Second, they now have a relationship with India’s banking system. The banking system too has had to expand to reach the huge number of account holders in the rural setting. As one travels in rural areas, one can see the impact of this programme on the health of the rural poor. They look better fed and better dressed than they did five years ago. People tell stories about their increased food intake. The negative impact is, of course, on men’s drinking levels. But that cannot be held against the scheme.
The Right to Information Act has exposed innumerable corrupt practices. No other politician at the helm of affairs, coming from India, would have dared to put an act like this in place. For an average Indian politician, corruption is routine and systemic. To Sonia Gandhi, it must have appeared very abnormal.
Every child’s right to education was never considered to be an urgent matter by Indian politicians. By putting the Right to Education Act in place, the UPA has kindled new hope among those who could never think of being able to afford decent education for their children.
Most important of all is the Right to Food Ordinance. For the average Indian politician, the productive masses going to bed starving while they themselves went to bed on a full stomach generated no shame or guilt. It is the Indian ethos of caste and untouchability that allows rich Indians to feed themselves on the hunger of others.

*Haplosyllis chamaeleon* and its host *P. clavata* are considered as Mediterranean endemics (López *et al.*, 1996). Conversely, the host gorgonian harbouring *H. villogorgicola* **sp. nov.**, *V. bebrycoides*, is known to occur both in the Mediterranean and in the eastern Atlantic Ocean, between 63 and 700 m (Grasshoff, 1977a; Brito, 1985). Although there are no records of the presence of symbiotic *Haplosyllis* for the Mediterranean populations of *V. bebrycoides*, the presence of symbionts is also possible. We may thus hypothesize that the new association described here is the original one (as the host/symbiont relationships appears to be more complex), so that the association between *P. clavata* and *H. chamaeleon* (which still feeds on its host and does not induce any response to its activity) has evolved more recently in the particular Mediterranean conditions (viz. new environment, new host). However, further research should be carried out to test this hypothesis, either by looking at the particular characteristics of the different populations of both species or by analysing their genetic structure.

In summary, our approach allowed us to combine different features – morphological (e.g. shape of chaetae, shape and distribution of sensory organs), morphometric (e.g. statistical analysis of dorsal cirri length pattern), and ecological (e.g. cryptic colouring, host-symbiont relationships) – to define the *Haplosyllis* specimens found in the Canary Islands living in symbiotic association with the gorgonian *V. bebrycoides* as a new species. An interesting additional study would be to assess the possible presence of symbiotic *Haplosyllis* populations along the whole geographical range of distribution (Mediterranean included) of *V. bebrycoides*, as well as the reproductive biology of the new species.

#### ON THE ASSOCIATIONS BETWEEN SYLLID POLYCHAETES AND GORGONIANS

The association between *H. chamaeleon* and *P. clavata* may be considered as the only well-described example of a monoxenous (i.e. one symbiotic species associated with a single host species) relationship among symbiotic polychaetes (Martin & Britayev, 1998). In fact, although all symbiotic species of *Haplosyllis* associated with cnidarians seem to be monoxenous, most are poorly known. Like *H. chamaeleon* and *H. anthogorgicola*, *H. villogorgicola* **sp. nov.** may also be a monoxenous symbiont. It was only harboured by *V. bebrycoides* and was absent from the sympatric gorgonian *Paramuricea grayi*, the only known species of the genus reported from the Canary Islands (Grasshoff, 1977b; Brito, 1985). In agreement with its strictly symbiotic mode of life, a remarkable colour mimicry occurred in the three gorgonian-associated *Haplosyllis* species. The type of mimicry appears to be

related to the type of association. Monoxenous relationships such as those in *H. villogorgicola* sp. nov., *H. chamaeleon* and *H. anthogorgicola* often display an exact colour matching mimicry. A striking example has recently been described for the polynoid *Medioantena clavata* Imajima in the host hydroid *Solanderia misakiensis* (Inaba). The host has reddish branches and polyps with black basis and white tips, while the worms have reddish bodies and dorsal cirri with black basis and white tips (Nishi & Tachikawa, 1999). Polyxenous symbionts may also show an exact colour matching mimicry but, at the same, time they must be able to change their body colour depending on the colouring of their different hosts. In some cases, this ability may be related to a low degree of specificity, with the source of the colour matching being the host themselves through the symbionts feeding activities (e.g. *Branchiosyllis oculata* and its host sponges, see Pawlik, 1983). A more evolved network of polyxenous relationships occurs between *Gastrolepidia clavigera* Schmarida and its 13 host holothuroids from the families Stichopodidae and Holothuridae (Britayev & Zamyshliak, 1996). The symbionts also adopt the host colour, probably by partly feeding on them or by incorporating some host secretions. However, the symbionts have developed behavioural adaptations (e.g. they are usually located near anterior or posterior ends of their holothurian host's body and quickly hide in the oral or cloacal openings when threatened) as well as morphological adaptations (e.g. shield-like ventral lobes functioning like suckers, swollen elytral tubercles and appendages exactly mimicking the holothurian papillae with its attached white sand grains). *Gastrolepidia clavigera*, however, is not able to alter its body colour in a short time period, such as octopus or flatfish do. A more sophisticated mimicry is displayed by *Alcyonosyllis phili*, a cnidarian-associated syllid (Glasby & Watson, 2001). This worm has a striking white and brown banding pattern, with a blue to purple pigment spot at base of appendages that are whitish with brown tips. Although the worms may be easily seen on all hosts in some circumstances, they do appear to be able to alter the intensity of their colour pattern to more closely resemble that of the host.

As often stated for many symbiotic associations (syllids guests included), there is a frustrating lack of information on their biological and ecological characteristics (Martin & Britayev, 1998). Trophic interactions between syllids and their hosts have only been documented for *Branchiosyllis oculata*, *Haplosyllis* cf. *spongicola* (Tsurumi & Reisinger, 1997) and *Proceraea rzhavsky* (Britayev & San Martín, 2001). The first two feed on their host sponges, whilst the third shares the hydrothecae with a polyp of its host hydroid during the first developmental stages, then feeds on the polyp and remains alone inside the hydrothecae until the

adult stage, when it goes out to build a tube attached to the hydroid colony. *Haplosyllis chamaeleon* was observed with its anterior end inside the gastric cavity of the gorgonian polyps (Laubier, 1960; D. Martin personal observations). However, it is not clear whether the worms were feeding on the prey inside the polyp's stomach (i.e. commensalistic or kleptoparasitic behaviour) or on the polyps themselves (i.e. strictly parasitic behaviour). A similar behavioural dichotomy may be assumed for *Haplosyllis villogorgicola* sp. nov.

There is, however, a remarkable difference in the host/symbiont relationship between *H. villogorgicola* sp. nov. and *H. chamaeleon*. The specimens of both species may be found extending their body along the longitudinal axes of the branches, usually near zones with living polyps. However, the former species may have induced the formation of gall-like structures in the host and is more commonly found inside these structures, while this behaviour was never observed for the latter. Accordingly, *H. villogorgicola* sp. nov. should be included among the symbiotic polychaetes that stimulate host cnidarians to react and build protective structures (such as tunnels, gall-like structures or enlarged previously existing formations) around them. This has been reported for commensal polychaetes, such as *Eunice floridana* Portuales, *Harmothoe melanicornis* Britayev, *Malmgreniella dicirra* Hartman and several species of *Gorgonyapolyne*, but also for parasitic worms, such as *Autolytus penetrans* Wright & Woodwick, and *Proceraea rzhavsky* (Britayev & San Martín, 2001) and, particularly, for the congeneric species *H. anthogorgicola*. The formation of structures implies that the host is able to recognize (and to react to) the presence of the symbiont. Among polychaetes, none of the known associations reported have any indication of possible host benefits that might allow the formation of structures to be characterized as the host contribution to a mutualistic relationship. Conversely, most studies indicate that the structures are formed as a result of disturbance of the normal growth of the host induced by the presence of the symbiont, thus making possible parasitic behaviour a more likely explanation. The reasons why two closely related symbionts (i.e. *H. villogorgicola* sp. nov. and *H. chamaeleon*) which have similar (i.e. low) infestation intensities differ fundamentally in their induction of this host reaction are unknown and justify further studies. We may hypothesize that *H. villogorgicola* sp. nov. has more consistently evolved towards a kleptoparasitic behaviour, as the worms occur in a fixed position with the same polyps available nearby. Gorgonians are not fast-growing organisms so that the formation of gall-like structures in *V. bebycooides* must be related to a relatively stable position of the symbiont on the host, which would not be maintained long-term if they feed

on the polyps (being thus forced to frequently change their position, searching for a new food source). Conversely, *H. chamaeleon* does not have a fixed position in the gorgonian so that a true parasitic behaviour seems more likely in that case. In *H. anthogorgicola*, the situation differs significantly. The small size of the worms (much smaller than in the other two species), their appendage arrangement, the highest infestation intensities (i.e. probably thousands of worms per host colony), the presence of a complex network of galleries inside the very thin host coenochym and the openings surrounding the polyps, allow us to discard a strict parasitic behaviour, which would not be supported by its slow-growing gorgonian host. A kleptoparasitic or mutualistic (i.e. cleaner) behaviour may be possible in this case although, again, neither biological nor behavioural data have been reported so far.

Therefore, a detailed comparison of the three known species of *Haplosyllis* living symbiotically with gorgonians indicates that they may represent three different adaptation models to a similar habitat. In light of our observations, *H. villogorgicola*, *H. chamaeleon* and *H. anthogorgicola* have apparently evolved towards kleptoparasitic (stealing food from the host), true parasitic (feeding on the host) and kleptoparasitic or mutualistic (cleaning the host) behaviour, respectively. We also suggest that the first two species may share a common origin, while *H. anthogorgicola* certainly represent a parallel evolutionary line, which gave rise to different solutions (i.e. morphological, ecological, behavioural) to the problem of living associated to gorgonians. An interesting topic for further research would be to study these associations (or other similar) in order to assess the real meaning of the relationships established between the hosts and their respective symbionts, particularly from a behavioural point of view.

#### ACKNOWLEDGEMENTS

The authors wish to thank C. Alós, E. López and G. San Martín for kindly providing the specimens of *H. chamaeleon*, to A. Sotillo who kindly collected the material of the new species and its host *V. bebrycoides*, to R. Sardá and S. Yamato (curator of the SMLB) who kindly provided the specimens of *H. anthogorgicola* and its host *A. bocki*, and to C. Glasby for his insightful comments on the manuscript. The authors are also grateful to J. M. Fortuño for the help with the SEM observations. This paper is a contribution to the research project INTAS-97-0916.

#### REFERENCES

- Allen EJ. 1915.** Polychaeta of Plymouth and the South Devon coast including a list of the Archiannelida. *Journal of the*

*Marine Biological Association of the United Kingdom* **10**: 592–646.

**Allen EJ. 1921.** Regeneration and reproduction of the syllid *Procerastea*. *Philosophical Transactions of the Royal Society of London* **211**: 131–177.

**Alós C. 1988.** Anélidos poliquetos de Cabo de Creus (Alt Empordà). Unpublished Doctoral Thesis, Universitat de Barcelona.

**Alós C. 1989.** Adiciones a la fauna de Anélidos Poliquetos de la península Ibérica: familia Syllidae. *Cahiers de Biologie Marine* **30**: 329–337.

The starving masses of India had to wait for a foreign-born woman to give them a legal assurance that basic food supply was their right.
Several political parties — particularly the main Opposition party, the Bharatiya Janata Party — are shamelessly attacking Sonia Gandhi for formalising this law as an ordinance. No Congress politician or non-Congress politician who is part of the ruling elite thought of such a law all these years.
When somebody whom they attack as a foreigner — and a woman at that — works tirelessly to bring about a law to abolish hunger from this country, they feel that something they loved and lived with has been taken away. The Indian rich are not merely exploiters but vulgar vultures who do not want the food producers to eat food at all.
Whether the party that she heads comes to power in 2014 or not, these admirable measures will remain in the log book of Indian history. Whether our pundits write about the greatness of these measures or not, the poor masses who now sleep with full bellies will remember, generation after generation, that one woman (not a man) called Sonia Gandhi recognised their role in food production.
If tomorrow Narendra Modi becomes Prime Minister, can one expect him to have this kind of love for the poor? So far we have never seen him sympathising with the poor.
Kancha Ilaiah is director, Centre for the Study of Social Exclusion and Inclusive Policy, Maulana Azad National Urdu University, Hyderabad